The full House votes Thursday on a bill to make D.C. the 51st state and Majority Leader Steny Hoyer says he’s confident it will pass, even though Republicans have narrowed Democrats’ majority since the 2020 election.
The House last year passed the bill sponsored by D.C. Del. Eleanor Holmes Norton by a margin of more than 50 votes. It was the first House vote on a D.C. statehood bill in more than a quarter of a century.
Democrats still control the House, but only by a margin of 218-212.
Hoyer said Wednesday that the political atmosphere has changed in other important ways, including several factors that favor D.C. statehood.
“Things are different than they were last year,” Hoyer said. “First of all, we have a president of the United States who says he wants to sign this bill. Secondly, we have a majority leader of the United States Senate who wants to see this bill passed.”
Hoyer and Norton spoke at a news conference at the Capitol Wednesday ahead of the House vote, along with House Speaker Nancy Pelosi, Rep. Carolyn Maloney, D-N.Y., and Sen. Tom Carper, D-Del., who’s leading the effort to get votes in the Senate.
The Democratic lawmakers acknowledged that no Republicans have signed onto the bill and that it faces stiff GOP opposition in the Senate.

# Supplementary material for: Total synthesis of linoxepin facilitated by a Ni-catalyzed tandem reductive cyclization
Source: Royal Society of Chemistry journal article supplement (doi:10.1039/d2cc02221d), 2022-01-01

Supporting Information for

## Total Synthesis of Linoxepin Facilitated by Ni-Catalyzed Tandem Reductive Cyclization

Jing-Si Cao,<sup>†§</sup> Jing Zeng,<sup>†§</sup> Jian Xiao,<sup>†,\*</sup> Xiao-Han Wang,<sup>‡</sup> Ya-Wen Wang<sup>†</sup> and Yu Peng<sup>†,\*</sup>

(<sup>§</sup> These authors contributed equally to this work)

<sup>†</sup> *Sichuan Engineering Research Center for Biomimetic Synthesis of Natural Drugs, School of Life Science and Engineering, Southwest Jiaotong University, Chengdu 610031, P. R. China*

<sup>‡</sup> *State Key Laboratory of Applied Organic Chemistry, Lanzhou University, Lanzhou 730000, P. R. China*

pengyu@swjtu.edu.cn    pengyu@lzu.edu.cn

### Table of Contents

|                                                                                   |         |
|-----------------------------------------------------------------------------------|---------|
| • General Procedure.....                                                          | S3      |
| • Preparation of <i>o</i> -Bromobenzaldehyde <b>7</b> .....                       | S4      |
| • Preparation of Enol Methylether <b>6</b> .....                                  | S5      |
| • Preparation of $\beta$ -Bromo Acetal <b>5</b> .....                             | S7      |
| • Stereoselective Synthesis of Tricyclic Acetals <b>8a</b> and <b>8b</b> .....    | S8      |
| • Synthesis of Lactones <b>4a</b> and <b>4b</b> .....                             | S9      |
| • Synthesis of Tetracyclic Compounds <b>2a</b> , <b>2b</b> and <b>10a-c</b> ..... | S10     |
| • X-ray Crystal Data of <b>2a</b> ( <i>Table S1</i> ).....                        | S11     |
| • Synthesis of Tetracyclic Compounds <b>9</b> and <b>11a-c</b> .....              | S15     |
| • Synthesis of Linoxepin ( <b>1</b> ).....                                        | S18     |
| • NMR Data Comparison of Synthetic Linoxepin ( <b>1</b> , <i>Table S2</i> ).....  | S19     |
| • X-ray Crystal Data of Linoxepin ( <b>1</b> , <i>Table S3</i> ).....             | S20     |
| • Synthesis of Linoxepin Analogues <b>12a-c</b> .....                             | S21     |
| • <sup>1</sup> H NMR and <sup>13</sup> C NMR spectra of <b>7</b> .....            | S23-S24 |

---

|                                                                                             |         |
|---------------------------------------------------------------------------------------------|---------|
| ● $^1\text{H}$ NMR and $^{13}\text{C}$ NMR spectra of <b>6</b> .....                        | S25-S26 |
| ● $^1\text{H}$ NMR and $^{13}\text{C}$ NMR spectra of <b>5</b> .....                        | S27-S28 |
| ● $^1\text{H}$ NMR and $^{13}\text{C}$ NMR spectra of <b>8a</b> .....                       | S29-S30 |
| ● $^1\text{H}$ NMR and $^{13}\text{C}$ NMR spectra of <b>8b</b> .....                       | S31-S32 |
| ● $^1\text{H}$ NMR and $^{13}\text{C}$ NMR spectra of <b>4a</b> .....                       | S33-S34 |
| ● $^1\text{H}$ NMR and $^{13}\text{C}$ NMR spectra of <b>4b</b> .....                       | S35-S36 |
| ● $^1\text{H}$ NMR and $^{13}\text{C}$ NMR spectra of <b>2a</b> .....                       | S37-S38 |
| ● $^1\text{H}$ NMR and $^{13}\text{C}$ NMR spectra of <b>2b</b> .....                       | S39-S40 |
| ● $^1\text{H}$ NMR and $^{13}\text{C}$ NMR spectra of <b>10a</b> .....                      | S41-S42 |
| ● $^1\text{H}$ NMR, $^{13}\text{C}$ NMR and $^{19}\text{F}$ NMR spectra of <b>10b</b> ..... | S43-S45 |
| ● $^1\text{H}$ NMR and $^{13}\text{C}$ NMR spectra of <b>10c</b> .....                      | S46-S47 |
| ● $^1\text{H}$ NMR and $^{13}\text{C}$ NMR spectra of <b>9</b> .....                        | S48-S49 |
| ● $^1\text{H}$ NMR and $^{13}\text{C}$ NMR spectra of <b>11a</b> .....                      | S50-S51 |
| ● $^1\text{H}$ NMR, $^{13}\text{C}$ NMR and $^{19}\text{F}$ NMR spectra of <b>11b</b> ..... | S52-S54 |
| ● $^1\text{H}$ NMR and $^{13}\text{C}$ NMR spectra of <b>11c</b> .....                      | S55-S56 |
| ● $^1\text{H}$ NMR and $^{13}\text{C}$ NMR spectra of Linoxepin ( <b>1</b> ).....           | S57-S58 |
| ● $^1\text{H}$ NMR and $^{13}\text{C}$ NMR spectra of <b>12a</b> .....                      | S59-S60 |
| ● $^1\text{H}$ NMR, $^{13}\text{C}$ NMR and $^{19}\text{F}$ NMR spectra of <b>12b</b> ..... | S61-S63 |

But Hoyer noted that with the support of Senate Majority Leader Chuck Schumer, the bill could eventually come up for a Senate vote once it passes the House. That did not happen when Sen. Mitch McConnell, R-Ky., was the majority leader.
The legislation would still need to get 60 votes in the Senate to overcome a likely filibuster, an uphill climb because there is no Republican support. Hoyer and Norton both oppose the filibuster and believe that it will ultimately be eliminated, though that appears to be unlikely in the near future.
Also, not every Democrat in the Senate has signed onto the measure, though it has 44 co-sponsors.
Despite uncertainty related to the Senate, supporters of the statehood bill view the latest House vote as another historic step in the effort to get D.C.’s more than 700,000 residents full voting representation in Congress.
While President Biden has previously indicated his support for statehood, the White House this week affirmed its backing in a formal statement.
Congressional Republicans oppose the bill on a number of grounds. While they have made several legal and constitutional arguments, from a political standpoint, the reason is clear: D.C. votes overwhelmingly for Democrats.
If the District were to become Washington, Douglass Commonwealth, as the state would be called, it’s likely voters would elect two Democratic U.S. senators and a Democratic House member.
Democrats have a narrow edge now in the Senate, which is divided 50-50, with Vice President Kamala Harris potentially providing the deciding vote on legislation.